Canada is rich in Indo-Canadian fiction writers: Rohinton Mistry, Ameen Merchant, and Padma Viswanathan spring to mind, among many others. Most of their work has, like Anita Rau Badami’s, either been set wholly in India (Hero’s Walk) or divided between India and Canada (Tamarind Mem, Can You Hear the Nightbird Call?). Now, however, we are seeing books whose characters are not only Canadian-born, but a generation or two removed from the supremely disruptive act of immigration. Tell It to the Trees, Badami’s new book, is one of those. From birth to death, its characters are people of a snowbound landscape.
Tell It To The Trees
Anita Rau Badami
Varsha Dharma is the teenaged daughter of Canadian-born parents. Her family lives in the house that her mysterious immigrant grandfather Mr. J.K. Dharma built in the wilderness outside a small town in northern British Columbia. When Varsha’s mother dies, her father goes to India to get a new wife. Suman, the new bride, could not have imagined the cold and isolation awaiting her.
Varsha’s father is a violent autocrat whose patriarchal power deforms all of their lives; he uses Indian culture as a reference point to reinforce his control over the family, even though he had never been there before going to find a wife. As a result, Varsha and her little brother Hemant become secretive, plotters who constantly struggle to suppress the details of the violence they live with.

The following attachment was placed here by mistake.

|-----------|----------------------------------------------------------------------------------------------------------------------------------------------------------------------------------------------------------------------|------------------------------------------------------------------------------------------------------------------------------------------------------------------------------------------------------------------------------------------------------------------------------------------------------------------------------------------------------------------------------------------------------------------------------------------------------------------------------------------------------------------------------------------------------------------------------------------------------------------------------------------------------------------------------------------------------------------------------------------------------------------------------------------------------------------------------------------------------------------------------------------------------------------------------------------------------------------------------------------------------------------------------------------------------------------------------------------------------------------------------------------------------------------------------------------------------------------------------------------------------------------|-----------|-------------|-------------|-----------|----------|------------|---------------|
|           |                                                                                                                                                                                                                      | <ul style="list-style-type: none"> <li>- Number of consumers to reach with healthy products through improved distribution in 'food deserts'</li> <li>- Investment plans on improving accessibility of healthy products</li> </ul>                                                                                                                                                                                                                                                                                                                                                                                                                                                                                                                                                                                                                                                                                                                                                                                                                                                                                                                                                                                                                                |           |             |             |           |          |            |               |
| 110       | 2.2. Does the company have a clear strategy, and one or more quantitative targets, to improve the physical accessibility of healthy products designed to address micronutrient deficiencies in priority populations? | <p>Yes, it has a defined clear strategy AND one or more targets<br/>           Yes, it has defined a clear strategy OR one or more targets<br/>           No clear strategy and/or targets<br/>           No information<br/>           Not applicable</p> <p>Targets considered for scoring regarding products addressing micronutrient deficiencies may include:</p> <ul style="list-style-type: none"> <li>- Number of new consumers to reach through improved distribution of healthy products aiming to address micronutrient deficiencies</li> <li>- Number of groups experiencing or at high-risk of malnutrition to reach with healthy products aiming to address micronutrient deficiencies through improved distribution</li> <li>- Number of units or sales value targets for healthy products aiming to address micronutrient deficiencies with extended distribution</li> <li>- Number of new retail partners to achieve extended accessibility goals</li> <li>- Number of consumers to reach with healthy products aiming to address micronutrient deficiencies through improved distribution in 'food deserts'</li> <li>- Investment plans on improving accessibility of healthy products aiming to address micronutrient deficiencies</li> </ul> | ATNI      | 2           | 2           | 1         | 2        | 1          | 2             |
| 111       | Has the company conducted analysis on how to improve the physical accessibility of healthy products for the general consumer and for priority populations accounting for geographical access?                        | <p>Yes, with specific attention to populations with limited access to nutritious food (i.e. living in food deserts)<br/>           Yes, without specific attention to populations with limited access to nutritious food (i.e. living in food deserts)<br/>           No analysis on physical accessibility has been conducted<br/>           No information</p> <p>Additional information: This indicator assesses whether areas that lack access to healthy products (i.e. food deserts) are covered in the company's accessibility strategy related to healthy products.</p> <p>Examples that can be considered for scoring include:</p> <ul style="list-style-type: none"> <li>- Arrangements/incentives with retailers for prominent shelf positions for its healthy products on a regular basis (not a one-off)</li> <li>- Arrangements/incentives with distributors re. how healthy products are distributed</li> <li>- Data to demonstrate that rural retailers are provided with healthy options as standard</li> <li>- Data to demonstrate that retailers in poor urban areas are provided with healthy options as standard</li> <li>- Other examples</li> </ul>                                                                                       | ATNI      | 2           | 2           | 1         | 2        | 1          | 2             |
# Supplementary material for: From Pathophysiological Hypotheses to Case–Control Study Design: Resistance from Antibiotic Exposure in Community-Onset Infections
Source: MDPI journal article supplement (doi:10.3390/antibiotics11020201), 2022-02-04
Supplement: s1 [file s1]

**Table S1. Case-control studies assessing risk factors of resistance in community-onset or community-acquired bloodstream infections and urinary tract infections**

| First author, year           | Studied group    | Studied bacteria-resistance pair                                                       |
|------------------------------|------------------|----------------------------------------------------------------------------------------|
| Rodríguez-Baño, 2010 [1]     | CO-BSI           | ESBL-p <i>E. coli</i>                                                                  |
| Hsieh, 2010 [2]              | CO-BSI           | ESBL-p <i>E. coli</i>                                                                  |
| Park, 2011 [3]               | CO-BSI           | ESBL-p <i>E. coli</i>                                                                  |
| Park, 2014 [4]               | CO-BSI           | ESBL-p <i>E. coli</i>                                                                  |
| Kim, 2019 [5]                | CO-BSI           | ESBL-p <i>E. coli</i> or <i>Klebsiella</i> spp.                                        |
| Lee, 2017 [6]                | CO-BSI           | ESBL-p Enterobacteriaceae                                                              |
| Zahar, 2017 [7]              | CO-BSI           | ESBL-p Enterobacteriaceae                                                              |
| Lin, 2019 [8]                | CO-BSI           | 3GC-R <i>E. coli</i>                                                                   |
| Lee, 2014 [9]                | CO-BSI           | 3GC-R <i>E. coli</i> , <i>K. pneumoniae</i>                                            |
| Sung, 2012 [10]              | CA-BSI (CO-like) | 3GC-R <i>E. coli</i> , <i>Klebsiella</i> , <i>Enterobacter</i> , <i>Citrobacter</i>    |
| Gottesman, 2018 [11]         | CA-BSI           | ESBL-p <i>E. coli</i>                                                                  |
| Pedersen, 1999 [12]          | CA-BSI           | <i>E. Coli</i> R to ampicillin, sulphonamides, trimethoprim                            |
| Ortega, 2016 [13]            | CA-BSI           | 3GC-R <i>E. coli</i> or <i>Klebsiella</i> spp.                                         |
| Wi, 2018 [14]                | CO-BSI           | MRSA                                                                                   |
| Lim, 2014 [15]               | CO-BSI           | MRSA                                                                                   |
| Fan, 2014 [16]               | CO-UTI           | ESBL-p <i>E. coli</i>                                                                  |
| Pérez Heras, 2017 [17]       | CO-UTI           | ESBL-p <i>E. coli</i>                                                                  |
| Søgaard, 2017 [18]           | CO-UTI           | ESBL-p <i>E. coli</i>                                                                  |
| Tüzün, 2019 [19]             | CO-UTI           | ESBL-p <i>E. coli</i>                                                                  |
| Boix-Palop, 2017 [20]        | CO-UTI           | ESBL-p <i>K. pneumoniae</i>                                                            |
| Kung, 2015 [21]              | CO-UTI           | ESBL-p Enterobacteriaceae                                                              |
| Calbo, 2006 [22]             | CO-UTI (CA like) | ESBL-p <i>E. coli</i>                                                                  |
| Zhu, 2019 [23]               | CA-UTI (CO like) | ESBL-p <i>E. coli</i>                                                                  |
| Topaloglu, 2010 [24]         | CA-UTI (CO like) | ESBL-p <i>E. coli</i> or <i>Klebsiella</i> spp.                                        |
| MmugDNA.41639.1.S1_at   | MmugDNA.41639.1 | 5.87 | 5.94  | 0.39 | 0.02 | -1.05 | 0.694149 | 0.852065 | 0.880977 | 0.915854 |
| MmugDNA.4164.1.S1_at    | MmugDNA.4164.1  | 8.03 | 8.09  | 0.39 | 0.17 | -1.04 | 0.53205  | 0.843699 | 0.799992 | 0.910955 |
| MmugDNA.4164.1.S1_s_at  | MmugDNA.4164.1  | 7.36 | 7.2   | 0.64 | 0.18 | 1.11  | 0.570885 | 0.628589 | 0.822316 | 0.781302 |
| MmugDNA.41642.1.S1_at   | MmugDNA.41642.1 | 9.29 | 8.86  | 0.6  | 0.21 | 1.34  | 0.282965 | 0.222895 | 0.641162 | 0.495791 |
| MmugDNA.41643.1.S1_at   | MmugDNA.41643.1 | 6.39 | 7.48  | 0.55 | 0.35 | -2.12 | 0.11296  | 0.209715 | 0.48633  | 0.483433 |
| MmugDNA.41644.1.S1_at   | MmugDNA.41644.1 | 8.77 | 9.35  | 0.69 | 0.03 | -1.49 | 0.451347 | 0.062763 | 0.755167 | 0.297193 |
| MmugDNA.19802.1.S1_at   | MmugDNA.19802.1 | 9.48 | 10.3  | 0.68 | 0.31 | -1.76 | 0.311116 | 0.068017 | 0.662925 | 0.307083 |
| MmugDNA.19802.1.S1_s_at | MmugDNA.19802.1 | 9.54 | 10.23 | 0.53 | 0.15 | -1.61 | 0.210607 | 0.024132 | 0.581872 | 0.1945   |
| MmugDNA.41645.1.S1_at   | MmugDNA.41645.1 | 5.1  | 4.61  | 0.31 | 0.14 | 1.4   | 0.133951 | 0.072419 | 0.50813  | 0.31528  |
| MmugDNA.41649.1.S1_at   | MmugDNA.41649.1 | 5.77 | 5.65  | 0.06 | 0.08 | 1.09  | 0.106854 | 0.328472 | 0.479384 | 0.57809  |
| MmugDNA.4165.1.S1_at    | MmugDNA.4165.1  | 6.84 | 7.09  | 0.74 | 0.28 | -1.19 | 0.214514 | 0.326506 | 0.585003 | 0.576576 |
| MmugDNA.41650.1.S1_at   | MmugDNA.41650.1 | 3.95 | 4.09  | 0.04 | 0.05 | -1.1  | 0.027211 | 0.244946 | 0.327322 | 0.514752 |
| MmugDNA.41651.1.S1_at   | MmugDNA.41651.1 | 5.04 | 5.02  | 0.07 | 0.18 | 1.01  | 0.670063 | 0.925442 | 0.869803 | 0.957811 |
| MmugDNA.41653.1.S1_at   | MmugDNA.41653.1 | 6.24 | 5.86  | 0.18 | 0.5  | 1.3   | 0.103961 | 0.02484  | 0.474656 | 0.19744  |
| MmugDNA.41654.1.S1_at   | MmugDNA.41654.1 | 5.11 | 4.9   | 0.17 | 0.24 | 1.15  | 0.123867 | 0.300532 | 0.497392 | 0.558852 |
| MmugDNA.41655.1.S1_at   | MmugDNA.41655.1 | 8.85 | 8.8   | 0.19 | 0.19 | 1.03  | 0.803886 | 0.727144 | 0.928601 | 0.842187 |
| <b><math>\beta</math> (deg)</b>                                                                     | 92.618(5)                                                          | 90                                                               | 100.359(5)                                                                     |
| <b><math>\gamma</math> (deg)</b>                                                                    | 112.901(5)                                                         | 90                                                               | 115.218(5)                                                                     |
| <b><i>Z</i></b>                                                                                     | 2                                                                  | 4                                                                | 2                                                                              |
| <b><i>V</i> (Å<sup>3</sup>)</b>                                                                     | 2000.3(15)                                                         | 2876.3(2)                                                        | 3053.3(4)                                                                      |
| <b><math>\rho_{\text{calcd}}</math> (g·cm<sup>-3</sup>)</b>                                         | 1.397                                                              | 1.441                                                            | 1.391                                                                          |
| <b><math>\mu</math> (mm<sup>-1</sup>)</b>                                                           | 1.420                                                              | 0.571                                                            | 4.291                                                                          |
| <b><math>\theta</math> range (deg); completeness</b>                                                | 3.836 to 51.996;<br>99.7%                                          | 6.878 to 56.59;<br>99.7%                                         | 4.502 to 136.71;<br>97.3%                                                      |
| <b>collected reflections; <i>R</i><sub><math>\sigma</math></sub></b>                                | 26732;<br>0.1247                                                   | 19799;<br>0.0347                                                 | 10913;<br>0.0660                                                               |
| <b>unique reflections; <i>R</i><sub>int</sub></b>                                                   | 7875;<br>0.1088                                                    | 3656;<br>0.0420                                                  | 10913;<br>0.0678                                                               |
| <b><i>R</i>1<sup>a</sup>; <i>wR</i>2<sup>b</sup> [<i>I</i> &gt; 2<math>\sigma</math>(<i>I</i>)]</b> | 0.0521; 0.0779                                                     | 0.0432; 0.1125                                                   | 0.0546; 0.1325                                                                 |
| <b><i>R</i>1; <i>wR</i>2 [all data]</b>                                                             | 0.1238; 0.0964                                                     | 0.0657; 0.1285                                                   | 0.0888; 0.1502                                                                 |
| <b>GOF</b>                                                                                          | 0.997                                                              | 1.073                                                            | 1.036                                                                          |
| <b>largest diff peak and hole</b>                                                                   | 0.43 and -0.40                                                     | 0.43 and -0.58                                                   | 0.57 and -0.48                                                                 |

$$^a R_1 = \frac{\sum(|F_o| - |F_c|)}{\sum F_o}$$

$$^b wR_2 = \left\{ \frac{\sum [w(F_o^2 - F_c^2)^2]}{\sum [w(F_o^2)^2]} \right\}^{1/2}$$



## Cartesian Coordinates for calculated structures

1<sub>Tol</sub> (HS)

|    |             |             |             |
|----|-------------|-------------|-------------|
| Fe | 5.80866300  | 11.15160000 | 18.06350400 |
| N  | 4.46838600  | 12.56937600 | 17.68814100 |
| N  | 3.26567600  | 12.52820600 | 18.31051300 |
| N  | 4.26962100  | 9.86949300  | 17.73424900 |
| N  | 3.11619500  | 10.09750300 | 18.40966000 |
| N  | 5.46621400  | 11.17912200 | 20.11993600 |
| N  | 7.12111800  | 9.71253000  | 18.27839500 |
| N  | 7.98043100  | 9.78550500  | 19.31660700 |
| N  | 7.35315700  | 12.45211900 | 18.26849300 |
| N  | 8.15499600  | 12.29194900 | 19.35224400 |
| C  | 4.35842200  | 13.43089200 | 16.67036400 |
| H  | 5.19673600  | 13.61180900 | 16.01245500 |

The plot turns around the arrival of Anu, who rents the cottage behind their house. The novel opens with her death by hypothermia; it is the quest to find out why she died that pulls the reader through the story. Yet the momentum of that plot device runs out partway. Badami’s style is didactic, explaining the obvious: the father is violent and the weather cold. She spends too long setting up the action instead of moving the story along. New information appears much too late.
This story is undermined by the weakness of its imagining – which will surprise anyone who has read Badami’s previous vivid tales. It feels as if it was meant to be a small family epic, starting with the tantalizing figure of Mr. J.K. Dharma, who moved so far from everything in search of silence. But we learn almost nothing more about him, and little else about the history of the family. We see that Akka, Varsha’s ailing grandmother who lives with the family, is more complex than she first appears, but we are never allowed to explore her past. And it is often hard to credit the explanations offered for the behaviour of the other characters. Anu’s shift from her intense Wall Street career to her tenancy in the back house is tough to swallow, and her death is equally hard to believe. The reader never comes to care for her, so her death, which ought to drive the plot, has little impact.
Varsha undergoes what would have been an interesting personality change if drawn with more finesse; instead, it comes across as one of those children-are-evil horror movies, but without the suspense. And the landscape, absolutely necessary to both the plot and the mood, is like a cardboard backdrop. We are told the snow is up to the eaves, yet we rarely feel it blow into our faces, hear it crunch, or see the glare that makes one squint. The anticlimactic ending completes the reader’s feeling that the book is built backwards in an effort to shore up a weak plot. If Anu’s death were not announced at the beginning, perhaps Badami would have been forced to build more powerfully toward it. Instead, this potentially gripping Indo-Canadian Gothic is deflated and disappointing. mRb